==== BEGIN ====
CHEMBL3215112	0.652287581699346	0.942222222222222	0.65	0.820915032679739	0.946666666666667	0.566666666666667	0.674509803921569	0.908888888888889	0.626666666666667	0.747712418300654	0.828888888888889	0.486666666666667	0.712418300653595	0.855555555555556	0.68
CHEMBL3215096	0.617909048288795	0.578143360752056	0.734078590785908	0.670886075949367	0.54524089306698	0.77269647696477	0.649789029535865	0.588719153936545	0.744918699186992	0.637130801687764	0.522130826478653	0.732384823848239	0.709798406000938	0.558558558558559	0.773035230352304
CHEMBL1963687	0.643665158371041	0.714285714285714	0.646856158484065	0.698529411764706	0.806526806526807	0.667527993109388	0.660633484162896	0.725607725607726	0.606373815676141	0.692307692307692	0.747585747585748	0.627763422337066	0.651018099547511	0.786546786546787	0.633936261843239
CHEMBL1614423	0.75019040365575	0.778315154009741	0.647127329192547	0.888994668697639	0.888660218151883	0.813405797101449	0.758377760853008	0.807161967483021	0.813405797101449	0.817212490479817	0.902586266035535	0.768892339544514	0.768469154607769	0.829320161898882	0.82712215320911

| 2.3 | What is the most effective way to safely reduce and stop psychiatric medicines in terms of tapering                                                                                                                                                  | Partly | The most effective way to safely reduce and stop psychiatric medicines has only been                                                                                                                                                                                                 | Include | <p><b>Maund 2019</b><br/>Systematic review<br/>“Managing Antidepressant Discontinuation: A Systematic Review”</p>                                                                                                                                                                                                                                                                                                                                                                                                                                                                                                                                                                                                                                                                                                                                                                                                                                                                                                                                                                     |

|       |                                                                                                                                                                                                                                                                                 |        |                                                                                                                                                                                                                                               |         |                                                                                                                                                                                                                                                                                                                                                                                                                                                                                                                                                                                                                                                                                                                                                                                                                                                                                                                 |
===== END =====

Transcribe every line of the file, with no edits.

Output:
CHEMBL3215112	0.652287581699346	0.942222222222222	0.65	0.820915032679739	0.946666666666667	0.566666666666667	0.674509803921569	0.908888888888889	0.626666666666667	0.747712418300654	0.828888888888889	0.486666666666667	0.712418300653595	0.855555555555556	0.68
CHEMBL3215096	0.617909048288795	0.578143360752056	0.734078590785908	0.670886075949367	0.54524089306698	0.77269647696477	0.649789029535865	0.588719153936545	0.744918699186992	0.637130801687764	0.522130826478653	0.732384823848239	0.709798406000938	0.558558558558559	0.773035230352304
CHEMBL1963687	0.643665158371041	0.714285714285714	0.646856158484065	0.698529411764706	0.806526806526807	0.667527993109388	0.660633484162896	0.725607725607726	0.606373815676141	0.692307692307692	0.747585747585748	0.627763422337066	0.651018099547511	0.786546786546787	0.633936261843239
CHEMBL1614423	0.75019040365575	0.778315154009741	0.647127329192547	0.888994668697639	0.888660218151883	0.813405797101449	0.758377760853008	0.807161967483021	0.813405797101449	0.817212490479817	0.902586266035535	0.768892339544514	0.768469154607769	0.829320161898882	0.82712215320911

| 2.3 | What is the most effective way to safely reduce and stop psychiatric medicines in terms of tapering                                                                                                                                                  | Partly | The most effective way to safely reduce and stop psychiatric medicines has only been                                                                                                                                                                                                 | Include | <p><b>Maund 2019</b><br/>Systematic review<br/>“Managing Antidepressant Discontinuation: A Systematic Review”</p>                                                                                                                                                                                                                                                                                                                                                                                                                                                                                                                                                                                                                                                                                                                                                                                                                                                                                                                                                                     |

|       |                                                                                                                                                                                                                                                                                 |        |                                                                                                                                                                                                                                               |         |                                                                                                                                                                                                                                                                                                                                                                                                                                                                                                                                                                                                                                                                                                                                                                                                                                                                                                                 |